- Italy-Qatar relations “have greatly strengthened in recent times, across several areas of the economy, the defence sector first and foremost.” Politically, the two countries “share multiple dossiers at the regional level and work to ensure security and stability in the world.” (Majed Al Ansari)
- Energy is crucial, as “Qatar has been supplying Italy with eight billion cubic metres of liquefied natural gas” in 2009. Also, “the emirate has a strategic partnership with Eni and the Italian Qatari Energy Corporation to develop and consolidate the Qatari North Field. (Ali Al Hail)
- “Qatar Energy and Eni will build strong cooperations both within Qatar” and internationally. The former is “working on this now, anticipating a broadening of horizons and being aware that Europe needs our energy because of the war between Russia and Ukraine.” Beyond energy, “the military sector should not be underestimated, especially the naval sphere.” (Jaber al Harmi)
- “Several spaces have been created for Italian-Qatari cooperation on offshore fields” as a consequence of the maritime borders agreement between Israel and Lebanon. “There are also other opportunities in the [Eastern Med].” Ali Bakeer thinks Rome and Doha will cooperate further in gas projects “in that area and with a third country.”
- “In 2021, the value of total [Italy-Qatar] trade exceeded €4 billion for the first time. In the first eleven months of 2022, it amounted to approximately €6.8 billion, an increase of 120% compared to the same period in 2021.” Also, Italy is “a prime destination for Qatari investment”: Qatar Airways operates more than 40 weekly flights between the countries, and it holds 49% of the new parent company of Air Italy.” (Saleh Ghareeb)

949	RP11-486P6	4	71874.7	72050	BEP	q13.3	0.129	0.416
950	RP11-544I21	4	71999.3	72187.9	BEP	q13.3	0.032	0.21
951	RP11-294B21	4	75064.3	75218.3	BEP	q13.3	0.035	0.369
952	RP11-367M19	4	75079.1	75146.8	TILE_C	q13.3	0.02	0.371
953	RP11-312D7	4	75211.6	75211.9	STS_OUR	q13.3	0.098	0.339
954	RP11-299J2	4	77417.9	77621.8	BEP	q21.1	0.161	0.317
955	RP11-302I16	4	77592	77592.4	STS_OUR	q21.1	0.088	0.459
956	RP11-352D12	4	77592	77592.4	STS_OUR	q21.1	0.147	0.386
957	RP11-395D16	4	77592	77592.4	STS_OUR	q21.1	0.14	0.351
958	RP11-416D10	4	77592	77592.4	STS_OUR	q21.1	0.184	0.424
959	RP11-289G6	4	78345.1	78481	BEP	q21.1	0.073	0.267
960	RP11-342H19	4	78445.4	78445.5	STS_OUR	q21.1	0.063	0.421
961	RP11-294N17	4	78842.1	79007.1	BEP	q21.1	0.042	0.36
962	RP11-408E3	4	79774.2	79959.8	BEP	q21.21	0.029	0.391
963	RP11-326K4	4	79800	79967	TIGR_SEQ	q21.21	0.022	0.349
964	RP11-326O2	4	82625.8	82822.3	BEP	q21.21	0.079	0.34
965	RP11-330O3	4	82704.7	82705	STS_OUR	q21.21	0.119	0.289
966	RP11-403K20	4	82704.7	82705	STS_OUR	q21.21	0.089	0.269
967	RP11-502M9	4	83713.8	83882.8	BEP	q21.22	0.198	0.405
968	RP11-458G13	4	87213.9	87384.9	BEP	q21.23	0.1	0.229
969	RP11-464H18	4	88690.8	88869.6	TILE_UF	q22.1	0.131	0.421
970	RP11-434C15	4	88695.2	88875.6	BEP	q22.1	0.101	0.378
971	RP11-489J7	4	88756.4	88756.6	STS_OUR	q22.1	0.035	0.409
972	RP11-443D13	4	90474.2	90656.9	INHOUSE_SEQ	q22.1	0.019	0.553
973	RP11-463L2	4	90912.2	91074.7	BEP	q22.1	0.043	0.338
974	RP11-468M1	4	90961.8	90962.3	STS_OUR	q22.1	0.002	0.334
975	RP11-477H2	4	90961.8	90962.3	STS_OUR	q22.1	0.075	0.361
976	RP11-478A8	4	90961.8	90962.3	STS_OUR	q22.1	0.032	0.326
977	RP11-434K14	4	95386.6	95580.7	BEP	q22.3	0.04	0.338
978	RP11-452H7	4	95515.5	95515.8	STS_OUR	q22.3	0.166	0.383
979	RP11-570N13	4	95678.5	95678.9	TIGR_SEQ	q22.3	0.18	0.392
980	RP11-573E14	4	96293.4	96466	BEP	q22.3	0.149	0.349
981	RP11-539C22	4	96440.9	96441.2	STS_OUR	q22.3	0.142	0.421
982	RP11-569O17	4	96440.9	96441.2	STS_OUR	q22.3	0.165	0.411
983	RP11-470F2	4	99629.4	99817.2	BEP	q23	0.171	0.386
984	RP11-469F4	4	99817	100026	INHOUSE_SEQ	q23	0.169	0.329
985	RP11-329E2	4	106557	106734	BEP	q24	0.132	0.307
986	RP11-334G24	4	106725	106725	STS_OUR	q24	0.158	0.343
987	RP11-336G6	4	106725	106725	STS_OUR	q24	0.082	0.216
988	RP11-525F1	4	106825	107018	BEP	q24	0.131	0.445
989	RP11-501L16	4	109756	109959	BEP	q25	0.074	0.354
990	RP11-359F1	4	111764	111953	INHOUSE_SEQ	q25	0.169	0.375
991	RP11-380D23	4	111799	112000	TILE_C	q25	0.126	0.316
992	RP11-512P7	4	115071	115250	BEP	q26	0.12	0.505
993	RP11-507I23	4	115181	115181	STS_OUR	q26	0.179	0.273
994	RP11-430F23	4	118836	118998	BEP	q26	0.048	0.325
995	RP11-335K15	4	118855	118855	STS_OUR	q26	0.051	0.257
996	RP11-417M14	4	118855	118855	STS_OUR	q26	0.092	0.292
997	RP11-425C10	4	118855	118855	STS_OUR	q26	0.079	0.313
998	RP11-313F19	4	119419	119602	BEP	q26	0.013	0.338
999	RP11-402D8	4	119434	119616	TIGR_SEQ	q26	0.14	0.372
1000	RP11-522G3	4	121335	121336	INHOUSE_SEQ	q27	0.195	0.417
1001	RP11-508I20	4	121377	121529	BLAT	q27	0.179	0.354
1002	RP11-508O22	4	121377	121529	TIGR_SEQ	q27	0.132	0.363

The Doha-Rome connection. On Sunday, the Emir of Qatar, Tamim bin Hamad Al-Thani, landed in Rome. There he met with Italian President Sergio Mattarella and spoke by telephone with Prime Minister Giorgia Meloni, who could not attend for health reasons. In the wake of the event, our sister website contacted the leading experts in Qatar’s international relations to analyse the evolution of ties between Rome and Doha, with a view from the Persian Gulf.
Shaping relations (also thanks to the defence sector) – Majed Al Ansari, Foreign Ministry spokesperson and Advisor to the Qatari Deputy PM
“The visit of the Emir of Qatar to Rome was aimed at modelling the strength of relations between our two countries. In fact, these relations have greatly strengthened in recent times, across several areas of the economy, the defence sector first and foremost. The Qatari Armed Forces have signed several contracts with Italian companies. Qatar also highly appreciates the Italian contribution to the World Cup. It was a collaboration on the security and technical level, which contributed to the event’s success. At the political level, Qatar and Italy share multiple dossiers at the regional level and work to ensure security and stability in the world. During his meetings, our Emir [left] no stone unturned to strengthen these relations and will support them so that they can continue, particularly in the face of the common challenges ahead of us.”